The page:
Choosing to rent or lease warehouse space can be a very beneficial move for new or small businesses. When you rent warehouse space, you will save money and free up valuable office space in your facility. The extra space you have in your office or building will give your company greater potential for growth and flexibility.
The first thing you need to do when researching a warehouse facility for lease is identify the aspects of a storage facility that you require. Think about the items you will be storing in the warehouse and whether you need electricity, temperature control or running water. Will you need to conduct business from the warehouse? Some warehouse space for rent can only be used for storage. If you need to have employees working in the warehouse, you’ll want to make sure the space has restrooms, proper ventilation and a break room. Lighting warehouse Some warehouses also have office space that you can use, as well as showers and couches for longer stays.
If you only have a small amount of items to be stored, your warehouse may have a monthly rental fee, usually calculated by the amount of square footage you use. If you anticipate needing to rent the warehouse space for longer, you may be able to sign a 6-month or 1-year lease. Ask the warehouse manager if they offer any customizable renting plans that can be tailored to fit your storage needs.
Also ask the warehouse landlord about the safety of the building. Make sure the warehouse is up to code and whether any updates or construction is planned. You may also wish to check with other tenants of the warehouse to see how they feel their storage needs are being met, and about the quality of the storage services the warehouse landlord provides.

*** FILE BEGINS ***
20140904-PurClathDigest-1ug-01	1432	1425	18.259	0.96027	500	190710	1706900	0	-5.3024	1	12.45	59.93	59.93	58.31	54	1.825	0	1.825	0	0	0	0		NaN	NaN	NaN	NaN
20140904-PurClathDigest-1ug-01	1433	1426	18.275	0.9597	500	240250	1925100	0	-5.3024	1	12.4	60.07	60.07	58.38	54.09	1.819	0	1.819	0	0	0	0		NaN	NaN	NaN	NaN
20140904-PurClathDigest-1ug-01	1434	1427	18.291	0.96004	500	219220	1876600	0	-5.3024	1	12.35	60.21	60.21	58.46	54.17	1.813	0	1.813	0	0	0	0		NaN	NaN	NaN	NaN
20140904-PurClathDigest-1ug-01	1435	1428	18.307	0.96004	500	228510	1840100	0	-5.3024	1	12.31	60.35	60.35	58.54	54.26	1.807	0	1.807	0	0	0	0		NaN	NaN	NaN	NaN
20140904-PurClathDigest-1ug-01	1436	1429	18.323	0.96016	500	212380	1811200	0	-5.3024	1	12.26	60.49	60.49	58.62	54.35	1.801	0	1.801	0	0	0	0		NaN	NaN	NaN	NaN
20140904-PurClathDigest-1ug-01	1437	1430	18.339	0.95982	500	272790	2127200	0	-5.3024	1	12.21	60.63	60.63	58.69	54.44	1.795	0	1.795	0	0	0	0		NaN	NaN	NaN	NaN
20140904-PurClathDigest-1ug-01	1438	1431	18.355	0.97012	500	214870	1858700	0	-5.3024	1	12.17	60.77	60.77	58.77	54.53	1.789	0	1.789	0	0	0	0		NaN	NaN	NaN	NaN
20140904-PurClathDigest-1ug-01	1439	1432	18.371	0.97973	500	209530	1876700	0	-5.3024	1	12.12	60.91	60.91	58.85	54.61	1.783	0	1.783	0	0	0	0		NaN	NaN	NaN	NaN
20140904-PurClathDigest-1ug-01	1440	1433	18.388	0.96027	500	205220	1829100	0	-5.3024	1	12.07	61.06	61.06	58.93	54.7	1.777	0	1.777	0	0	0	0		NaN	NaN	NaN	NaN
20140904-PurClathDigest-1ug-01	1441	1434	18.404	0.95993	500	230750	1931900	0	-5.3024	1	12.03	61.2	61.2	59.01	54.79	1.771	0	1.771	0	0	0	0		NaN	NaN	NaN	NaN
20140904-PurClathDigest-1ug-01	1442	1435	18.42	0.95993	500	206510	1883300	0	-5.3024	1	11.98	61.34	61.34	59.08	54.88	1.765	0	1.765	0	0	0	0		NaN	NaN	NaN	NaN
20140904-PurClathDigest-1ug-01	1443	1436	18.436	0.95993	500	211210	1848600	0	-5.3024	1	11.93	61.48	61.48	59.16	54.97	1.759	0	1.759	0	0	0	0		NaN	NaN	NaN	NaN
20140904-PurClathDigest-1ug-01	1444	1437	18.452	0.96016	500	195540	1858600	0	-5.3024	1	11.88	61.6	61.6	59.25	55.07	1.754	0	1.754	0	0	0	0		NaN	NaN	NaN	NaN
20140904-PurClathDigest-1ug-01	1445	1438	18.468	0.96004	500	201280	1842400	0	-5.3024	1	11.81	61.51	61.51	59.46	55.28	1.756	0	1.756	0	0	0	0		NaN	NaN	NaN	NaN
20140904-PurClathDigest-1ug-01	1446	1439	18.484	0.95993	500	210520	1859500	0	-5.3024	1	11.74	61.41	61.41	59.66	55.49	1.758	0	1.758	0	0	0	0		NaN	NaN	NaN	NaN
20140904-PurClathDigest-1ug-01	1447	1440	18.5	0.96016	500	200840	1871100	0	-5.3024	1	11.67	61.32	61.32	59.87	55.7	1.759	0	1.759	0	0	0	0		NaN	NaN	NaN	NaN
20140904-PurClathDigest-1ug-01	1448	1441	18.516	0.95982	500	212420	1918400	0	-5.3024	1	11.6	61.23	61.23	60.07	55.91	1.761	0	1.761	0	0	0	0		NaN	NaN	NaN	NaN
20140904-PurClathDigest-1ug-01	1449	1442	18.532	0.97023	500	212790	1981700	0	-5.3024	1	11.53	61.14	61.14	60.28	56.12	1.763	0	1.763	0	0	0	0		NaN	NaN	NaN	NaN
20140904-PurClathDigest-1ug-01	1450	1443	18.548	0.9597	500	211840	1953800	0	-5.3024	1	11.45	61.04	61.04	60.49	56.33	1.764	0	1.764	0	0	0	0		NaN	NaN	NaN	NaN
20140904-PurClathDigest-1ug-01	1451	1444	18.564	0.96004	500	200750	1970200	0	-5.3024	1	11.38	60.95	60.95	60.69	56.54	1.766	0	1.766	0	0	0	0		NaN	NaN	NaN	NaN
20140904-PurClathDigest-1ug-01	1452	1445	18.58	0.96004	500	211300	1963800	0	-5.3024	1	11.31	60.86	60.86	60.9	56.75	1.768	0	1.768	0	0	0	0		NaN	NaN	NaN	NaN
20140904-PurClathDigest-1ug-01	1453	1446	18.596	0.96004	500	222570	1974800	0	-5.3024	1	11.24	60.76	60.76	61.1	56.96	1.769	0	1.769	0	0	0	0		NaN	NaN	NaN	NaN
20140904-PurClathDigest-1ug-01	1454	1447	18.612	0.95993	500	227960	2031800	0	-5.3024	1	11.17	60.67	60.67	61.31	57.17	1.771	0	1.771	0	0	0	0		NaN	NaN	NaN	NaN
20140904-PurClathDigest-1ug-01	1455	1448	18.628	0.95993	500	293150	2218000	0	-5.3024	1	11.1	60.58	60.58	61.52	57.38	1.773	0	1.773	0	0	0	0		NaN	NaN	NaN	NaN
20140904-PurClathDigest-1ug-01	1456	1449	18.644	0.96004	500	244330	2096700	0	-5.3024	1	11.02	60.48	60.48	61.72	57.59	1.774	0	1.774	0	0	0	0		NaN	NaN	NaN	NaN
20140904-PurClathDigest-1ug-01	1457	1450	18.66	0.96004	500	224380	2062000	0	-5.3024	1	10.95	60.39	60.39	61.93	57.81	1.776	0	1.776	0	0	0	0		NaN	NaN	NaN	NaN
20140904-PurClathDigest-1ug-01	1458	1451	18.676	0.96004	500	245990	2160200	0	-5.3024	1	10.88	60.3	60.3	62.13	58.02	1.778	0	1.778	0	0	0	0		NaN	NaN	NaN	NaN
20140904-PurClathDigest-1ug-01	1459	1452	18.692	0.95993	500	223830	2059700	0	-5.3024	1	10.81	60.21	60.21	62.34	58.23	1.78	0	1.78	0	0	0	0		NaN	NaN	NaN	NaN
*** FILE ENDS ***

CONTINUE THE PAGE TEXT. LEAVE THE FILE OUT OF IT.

If you foresee doing a lot of shipping/receiving, you’ll want to choose a warehouse with easy access to a major interstate, thoroughfare or perhaps a seaport. Make sure your warehouse space is located close to the delivery dock for easy loading and unloading.
If you have purchased your own warehouse equipment, make sure it is insured. The warehouse landlord’s insurance will not cover losses to any of your inventory, so make sure you purchase your own separate insurance. You may also want to purchase liability insurance in case any of your employees is injured while working in the warehouse. If an accident occurs in or around the warehouse, you may be found just as responsible as the warehouse landlord.
Be certain you fully understand your warehouse lease before you sign it. Ask questions of the landlord and make sure there aren’t any hidden fees and expenses. You may want to have your attorney look over the warehouse agreement so you can have a better understanding of your rights as a warehouse tenant.